the Ninth Pennsylvania and Second Michigan Cavalry deployed as flankers and skirmishers, moved cautiously on Spring Hill. About 1 mile from camp our skirmishers drove in the pickets of the enemy, who, after a few rounds, retired, but so slowly as to keep up a continual skirmish till the battle opened. At the range of hills overlooking Thompson's Station, about 9 miles from Franklin, the skirmishers of the enemy made a very determined resistance, but we charged them, and they retired over the intervening valley and to the opposite hills. While this was going on, I halted the head of the column, but Colonel Coburn rode up and ordered it to advance, remarking that the enemy were in small force, and that we had nothing to fear. At this point the road turns sharply to the left and south (the previous direction for about 3 miles had been south of west), and for about three-quarters of a mile is perfectly straight, leading to the hills that bound Thompson's Station on the south.
The column had proceeded on this straight road some 500 or 600 yards, and was just entering the jaws of the pass between the hills that we afterward occupied as our position, when we were opened upon by a battery of the enemy, placed close on the right side of the road at about half-mile range. This was an 18-pounder, and the shell, passing close over the head of the column, struck in the ditch on the left of the road about 150 yards in the rear, and within a few feet of the side of the column, exploding and plowing up the dirt and stones, but, by some wonderful interposition of Providence, without killing or wounding any one. A 6-pounder also opened at the same moment, but the shell fell a few yards to the left in the field, doing no damage. The new troops were at once deployed to the right and left under the hills, to protect them from the shell that were now literally rained upon them, and our artillery brought forward and placed in position three guns upon the hill to the left and two upon the hill to the right of the road, and in a few moments were hotly engaged. In a moment a battery of the enemy of four guns (which had heretofore been masked) opened upon our left flank, completely covering the ground upon which our infantry and cavalry were placed, making it necessary to change their position, and also completely flanking our guns, and a battery to our right had previously opened upon our skirmishers in the valley, near Thompson's Station. This battery Colonel Coburn determined to charge and take, hoping to throw back the left wing of the enemy upon their center and force the position. This was the culminating point in the battle.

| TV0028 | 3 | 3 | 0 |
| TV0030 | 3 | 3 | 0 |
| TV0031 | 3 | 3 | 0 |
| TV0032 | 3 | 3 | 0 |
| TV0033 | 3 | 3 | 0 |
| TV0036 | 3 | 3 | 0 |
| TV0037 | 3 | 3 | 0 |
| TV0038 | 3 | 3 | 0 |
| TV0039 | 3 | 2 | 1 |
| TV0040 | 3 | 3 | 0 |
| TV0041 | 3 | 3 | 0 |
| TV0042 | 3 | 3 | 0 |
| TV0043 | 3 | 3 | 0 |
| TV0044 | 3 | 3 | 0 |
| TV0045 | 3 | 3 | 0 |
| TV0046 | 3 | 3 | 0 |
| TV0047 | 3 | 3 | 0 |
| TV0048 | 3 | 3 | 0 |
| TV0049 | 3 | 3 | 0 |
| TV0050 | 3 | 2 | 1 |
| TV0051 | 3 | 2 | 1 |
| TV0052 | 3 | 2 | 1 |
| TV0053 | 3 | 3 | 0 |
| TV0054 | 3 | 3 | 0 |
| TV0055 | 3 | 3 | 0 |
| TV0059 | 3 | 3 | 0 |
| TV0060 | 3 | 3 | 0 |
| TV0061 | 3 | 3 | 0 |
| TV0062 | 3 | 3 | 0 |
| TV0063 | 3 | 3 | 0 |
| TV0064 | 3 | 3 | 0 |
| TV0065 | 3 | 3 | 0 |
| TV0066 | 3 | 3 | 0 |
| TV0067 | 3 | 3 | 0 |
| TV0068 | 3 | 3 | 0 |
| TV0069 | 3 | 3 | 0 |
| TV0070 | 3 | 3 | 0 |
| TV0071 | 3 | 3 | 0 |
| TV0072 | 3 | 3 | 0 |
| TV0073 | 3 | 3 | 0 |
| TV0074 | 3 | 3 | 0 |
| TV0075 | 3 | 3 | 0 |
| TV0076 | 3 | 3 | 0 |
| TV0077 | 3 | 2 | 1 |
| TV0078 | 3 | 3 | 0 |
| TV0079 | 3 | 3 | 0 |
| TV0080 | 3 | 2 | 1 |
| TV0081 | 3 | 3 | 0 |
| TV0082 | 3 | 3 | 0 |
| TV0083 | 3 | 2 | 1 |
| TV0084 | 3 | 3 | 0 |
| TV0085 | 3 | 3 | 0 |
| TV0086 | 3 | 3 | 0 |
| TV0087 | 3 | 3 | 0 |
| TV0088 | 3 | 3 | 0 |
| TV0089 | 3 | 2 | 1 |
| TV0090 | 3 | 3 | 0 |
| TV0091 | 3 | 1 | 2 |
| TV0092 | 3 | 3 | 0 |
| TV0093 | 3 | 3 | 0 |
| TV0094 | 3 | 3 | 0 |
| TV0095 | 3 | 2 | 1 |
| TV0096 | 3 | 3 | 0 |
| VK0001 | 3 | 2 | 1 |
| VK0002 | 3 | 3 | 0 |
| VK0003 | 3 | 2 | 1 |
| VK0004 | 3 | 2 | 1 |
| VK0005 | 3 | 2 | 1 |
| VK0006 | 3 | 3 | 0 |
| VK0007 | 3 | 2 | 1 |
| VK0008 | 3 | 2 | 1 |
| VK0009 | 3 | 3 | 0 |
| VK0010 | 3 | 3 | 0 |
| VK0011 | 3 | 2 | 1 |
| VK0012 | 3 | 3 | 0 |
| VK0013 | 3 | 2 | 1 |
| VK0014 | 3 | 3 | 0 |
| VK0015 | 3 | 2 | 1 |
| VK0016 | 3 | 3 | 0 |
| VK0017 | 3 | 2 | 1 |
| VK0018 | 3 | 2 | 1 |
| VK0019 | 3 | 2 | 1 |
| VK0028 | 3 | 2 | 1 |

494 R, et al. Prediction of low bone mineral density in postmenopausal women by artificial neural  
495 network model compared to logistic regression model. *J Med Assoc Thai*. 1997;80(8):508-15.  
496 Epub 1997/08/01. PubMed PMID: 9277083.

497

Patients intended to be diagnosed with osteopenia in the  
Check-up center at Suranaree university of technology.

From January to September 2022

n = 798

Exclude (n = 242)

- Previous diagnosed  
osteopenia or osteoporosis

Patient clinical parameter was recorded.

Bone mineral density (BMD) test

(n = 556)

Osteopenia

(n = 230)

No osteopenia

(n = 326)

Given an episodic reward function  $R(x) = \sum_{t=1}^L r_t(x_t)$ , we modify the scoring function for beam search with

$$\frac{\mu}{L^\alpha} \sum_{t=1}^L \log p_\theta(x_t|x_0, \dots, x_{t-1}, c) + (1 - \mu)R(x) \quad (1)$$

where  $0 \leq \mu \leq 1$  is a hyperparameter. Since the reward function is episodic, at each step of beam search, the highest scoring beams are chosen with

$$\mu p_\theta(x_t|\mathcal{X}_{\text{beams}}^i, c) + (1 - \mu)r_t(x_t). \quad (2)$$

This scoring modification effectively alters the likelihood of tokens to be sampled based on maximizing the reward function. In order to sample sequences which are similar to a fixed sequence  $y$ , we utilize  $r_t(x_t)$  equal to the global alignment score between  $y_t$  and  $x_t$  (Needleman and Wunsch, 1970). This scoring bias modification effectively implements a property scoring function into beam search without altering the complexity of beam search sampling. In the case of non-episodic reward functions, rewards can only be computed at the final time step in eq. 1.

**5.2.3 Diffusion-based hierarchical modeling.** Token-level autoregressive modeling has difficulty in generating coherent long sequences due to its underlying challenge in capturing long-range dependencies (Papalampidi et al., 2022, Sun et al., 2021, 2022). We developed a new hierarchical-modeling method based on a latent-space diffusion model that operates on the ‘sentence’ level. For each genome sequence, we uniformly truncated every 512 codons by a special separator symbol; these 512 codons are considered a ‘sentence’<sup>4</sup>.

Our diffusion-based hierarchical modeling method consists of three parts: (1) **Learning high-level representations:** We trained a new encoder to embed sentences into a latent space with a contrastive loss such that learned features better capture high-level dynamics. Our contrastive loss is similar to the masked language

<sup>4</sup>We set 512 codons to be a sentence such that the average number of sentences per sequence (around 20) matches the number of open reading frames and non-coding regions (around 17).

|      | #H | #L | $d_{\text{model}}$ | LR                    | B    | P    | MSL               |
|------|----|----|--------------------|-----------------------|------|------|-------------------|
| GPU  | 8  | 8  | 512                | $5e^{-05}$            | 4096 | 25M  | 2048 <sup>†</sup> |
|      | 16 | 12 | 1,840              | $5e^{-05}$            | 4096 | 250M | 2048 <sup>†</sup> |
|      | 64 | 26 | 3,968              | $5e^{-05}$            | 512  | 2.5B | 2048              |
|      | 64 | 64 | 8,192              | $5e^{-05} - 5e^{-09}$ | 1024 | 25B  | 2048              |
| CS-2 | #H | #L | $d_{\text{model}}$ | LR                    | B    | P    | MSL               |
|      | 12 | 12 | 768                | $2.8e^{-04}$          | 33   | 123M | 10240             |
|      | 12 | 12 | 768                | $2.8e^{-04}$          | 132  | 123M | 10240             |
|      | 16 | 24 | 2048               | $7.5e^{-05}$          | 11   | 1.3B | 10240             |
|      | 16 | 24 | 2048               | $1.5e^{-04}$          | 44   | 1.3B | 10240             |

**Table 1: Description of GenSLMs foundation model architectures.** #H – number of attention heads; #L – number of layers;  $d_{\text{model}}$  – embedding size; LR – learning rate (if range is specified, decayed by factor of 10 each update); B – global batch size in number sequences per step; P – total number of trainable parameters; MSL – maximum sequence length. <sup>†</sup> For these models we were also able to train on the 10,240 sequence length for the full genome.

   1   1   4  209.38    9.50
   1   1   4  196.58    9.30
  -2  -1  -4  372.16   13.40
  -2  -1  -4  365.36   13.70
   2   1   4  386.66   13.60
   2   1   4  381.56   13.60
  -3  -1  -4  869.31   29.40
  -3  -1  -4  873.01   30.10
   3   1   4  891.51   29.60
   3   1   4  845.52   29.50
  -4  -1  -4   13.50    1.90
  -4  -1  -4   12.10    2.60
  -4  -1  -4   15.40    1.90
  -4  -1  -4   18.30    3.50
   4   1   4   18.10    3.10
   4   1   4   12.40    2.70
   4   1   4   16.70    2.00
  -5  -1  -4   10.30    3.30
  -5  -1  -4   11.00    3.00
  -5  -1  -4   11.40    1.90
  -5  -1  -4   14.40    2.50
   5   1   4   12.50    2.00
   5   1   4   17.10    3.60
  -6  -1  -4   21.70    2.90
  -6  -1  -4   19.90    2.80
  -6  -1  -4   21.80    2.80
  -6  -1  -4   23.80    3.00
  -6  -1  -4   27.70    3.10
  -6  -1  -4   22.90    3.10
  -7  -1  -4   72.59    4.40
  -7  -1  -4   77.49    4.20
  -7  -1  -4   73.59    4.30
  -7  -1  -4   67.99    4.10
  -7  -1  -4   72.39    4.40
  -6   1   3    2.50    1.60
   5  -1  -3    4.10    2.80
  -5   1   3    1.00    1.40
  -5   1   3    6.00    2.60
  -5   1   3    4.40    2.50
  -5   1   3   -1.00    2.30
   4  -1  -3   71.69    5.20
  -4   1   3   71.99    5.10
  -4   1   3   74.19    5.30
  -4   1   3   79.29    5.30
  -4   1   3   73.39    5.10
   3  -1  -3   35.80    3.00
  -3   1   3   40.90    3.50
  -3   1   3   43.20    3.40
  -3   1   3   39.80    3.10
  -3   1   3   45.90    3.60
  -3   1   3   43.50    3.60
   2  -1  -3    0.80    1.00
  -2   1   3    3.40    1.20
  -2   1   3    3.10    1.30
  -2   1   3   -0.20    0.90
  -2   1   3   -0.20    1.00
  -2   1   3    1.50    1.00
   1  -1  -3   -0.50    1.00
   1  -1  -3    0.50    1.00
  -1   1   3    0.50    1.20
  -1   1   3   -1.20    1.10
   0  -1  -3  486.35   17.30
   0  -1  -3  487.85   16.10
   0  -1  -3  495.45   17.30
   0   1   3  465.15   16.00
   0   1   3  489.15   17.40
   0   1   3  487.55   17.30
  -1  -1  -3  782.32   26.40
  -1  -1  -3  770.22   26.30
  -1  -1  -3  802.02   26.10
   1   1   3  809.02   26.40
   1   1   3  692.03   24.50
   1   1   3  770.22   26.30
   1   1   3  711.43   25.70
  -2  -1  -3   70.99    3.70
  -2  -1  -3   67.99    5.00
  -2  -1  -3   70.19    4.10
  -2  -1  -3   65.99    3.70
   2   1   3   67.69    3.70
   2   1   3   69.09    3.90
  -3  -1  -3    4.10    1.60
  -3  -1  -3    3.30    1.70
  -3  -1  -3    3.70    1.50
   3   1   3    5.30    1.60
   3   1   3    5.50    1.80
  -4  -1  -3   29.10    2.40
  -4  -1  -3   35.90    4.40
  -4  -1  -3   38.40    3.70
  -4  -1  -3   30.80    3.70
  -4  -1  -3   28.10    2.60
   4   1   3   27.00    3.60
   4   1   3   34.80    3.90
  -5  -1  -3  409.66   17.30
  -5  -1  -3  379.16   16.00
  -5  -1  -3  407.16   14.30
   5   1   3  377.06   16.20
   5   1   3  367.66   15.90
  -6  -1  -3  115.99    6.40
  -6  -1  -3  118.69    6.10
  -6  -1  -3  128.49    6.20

The column was formed, and moved from its position behind the guns over the crest of the hill and down into the valley below, prepared to charge the battery, while the enemy's guns thundered their shell upon it from front and flank. It bravely withstood the shock, and moved steadily forward, though its track through the fields could be plainly marked by the human mile-stones left in its rear. All at once the artillery on the side of the enemy ceased playing, and a dense mass of infantry began to show itself on the hills in our front. Colonel Coburn at once saw that all would be lost unless the column could be again retired behind our guns, and sent an officer to order it to fall back. But it was then too late; the avalanche had been started, and came sweeping down upon it, while from behind a stone fence near the railroad a perfect storm of lead was thrown upon it. Seeing that all was lost, I was ordered by Colonel Coburn to call in my cavalry and form it in such position as to cover his retreat.
I at once proceeded to execute the movement necessary to prepare for retreat, and formed my cavalry behind a small strip of woods about
6 R R-VOL XXIII, PT I